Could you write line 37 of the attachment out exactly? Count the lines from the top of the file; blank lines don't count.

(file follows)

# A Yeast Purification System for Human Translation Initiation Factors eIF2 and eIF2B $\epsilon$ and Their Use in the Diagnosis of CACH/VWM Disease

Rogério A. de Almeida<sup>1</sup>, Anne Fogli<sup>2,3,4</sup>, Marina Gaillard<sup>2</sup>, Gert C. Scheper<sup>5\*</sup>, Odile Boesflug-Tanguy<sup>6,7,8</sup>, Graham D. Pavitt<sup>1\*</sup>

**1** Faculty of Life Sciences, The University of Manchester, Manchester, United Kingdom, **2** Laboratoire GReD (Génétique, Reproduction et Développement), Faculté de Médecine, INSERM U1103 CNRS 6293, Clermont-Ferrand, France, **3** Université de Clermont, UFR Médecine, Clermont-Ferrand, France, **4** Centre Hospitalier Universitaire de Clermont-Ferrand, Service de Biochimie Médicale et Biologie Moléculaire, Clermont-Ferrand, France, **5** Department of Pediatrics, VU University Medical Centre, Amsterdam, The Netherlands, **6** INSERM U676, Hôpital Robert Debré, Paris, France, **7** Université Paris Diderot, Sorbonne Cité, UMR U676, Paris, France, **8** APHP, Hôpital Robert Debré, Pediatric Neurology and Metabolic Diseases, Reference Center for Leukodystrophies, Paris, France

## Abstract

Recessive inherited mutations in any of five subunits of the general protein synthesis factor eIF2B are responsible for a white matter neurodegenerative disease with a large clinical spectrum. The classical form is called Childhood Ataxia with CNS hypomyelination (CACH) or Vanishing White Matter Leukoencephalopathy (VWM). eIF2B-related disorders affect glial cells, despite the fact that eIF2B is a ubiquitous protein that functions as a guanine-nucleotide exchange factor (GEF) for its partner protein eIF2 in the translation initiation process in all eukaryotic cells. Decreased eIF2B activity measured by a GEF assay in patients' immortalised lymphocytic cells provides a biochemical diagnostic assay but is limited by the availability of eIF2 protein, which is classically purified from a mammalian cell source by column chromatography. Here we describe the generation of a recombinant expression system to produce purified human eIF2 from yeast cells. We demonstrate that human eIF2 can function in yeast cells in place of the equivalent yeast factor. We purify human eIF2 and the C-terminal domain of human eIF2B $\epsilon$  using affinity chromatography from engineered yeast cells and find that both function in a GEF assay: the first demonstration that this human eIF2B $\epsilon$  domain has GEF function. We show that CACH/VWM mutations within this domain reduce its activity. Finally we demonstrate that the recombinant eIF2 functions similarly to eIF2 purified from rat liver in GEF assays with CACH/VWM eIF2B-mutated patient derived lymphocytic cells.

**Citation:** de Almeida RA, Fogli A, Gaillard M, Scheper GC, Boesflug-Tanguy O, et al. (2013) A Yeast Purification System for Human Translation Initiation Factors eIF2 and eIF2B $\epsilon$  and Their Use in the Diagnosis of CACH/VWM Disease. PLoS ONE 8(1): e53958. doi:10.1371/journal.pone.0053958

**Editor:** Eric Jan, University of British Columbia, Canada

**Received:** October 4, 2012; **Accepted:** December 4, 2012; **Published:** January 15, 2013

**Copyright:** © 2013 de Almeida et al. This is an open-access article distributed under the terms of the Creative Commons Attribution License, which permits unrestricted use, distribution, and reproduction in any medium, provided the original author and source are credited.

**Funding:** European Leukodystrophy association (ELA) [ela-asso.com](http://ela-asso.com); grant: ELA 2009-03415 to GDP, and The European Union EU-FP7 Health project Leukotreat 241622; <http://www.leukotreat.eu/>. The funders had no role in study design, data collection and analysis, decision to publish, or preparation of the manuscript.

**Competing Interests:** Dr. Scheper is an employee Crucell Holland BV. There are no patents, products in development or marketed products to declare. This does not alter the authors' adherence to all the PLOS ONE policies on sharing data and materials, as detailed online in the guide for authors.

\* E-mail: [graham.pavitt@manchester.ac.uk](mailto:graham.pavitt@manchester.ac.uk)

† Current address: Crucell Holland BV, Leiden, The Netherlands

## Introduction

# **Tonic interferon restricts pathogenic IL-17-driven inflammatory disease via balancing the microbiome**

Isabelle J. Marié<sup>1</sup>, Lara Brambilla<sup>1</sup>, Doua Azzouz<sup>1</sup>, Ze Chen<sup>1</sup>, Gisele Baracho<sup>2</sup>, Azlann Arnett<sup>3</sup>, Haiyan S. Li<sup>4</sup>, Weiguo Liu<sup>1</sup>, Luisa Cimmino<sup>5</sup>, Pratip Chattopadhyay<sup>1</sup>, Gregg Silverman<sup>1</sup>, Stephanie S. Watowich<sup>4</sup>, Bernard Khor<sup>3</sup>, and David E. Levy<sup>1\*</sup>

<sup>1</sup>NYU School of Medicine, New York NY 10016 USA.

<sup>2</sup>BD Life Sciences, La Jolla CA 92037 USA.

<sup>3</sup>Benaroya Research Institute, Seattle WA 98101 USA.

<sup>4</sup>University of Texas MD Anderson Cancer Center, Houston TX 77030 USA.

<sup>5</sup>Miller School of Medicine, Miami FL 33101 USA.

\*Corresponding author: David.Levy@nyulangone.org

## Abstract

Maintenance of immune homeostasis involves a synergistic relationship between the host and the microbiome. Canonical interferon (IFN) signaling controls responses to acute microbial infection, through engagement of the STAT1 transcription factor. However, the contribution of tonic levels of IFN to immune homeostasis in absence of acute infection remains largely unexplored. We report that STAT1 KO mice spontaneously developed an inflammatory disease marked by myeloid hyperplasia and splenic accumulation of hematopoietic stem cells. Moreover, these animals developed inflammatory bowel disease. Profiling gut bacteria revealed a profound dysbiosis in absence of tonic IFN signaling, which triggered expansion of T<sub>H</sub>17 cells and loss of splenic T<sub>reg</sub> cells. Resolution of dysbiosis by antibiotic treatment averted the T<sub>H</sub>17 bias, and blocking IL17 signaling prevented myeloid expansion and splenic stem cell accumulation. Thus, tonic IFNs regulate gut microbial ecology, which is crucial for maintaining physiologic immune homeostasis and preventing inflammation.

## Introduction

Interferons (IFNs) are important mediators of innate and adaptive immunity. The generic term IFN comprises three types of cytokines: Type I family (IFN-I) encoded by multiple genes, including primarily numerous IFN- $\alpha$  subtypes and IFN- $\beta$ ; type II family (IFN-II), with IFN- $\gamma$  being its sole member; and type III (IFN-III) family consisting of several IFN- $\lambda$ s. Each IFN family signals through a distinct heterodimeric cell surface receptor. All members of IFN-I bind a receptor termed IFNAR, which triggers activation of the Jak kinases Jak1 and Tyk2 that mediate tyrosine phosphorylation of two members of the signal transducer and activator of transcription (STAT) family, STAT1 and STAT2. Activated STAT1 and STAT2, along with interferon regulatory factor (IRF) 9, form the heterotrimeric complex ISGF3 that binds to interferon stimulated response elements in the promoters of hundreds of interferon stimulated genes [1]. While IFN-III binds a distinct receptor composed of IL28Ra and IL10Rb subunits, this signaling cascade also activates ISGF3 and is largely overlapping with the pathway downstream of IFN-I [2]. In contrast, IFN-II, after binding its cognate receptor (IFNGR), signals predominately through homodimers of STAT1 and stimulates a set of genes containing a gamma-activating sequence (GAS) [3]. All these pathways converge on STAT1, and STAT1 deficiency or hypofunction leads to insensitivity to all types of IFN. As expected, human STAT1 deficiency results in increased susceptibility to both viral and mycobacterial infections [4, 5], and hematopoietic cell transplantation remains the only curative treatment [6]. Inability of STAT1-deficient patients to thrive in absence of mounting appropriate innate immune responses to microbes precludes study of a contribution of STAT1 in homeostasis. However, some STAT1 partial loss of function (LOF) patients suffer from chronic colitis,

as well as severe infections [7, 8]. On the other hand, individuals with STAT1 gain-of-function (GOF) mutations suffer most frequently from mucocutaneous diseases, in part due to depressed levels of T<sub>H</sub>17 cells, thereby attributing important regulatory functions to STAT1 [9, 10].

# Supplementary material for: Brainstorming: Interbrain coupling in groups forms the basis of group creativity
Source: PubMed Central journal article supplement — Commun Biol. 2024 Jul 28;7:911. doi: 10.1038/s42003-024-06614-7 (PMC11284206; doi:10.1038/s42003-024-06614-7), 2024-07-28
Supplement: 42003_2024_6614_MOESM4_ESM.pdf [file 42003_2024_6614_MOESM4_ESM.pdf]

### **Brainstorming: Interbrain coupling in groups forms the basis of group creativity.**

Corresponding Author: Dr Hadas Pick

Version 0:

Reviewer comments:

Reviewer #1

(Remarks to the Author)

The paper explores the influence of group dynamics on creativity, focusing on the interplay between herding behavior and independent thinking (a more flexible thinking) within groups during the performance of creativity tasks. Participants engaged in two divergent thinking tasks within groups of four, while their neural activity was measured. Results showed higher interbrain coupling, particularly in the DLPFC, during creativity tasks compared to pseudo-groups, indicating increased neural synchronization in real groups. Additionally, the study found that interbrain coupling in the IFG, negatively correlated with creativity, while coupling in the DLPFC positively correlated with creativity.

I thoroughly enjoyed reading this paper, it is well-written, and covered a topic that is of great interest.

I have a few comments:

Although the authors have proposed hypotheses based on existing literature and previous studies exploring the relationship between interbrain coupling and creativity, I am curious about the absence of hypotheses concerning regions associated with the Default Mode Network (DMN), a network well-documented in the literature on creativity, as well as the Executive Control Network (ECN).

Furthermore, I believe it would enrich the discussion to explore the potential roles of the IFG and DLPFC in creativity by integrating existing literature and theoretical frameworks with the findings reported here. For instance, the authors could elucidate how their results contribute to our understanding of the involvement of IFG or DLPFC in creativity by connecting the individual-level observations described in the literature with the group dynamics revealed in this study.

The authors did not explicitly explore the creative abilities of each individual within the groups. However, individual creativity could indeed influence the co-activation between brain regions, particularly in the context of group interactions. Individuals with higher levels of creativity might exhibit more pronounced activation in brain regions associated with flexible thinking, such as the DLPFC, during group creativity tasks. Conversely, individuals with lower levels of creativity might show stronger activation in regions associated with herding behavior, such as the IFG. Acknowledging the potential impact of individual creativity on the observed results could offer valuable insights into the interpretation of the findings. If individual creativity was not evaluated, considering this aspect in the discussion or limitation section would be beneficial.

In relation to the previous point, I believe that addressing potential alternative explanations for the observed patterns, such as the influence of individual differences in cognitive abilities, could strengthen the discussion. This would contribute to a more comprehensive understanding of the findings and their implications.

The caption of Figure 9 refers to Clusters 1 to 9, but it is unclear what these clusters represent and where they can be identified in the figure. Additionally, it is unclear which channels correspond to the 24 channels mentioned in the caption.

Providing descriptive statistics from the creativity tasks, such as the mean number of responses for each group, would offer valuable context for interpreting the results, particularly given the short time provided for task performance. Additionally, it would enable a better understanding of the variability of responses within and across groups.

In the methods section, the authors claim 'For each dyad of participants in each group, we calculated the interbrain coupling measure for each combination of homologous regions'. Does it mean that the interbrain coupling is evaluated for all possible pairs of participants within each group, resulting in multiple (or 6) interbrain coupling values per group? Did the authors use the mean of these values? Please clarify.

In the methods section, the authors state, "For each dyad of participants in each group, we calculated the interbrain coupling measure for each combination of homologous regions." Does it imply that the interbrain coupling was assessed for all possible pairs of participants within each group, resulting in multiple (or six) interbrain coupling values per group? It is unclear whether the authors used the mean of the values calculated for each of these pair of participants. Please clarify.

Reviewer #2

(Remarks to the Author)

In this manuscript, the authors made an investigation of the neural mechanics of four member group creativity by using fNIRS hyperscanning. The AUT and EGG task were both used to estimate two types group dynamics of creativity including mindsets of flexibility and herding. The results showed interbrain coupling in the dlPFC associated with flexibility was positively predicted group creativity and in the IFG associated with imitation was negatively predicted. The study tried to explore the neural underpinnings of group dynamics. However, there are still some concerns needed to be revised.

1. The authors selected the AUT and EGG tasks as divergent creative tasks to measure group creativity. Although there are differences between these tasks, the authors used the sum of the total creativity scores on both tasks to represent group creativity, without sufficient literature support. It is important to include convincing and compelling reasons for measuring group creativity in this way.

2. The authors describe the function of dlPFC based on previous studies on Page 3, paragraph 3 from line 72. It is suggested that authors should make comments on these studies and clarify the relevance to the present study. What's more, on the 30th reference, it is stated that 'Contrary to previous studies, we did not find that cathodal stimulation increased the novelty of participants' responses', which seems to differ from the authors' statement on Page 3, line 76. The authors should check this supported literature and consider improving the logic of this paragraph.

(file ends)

The paper explores the influence of group dynamics on creativity, focusing on the interplay between herding behavior and independent thinking (a more flexible thinking) within groups during the performance of creativity tasks. Participants engaged in two divergent thinking tasks within groups of four, while their neural activity was measured. Results showed higher interbrain coupling, particularly in the DLPFC, during creativity tasks compared to pseudo-groups, indicating increased neural synchronization in real groups. Additionally, the study found that interbrain coupling in the IFG, negatively correlated with creativity, while coupling in the DLPFC positively correlated with creativity.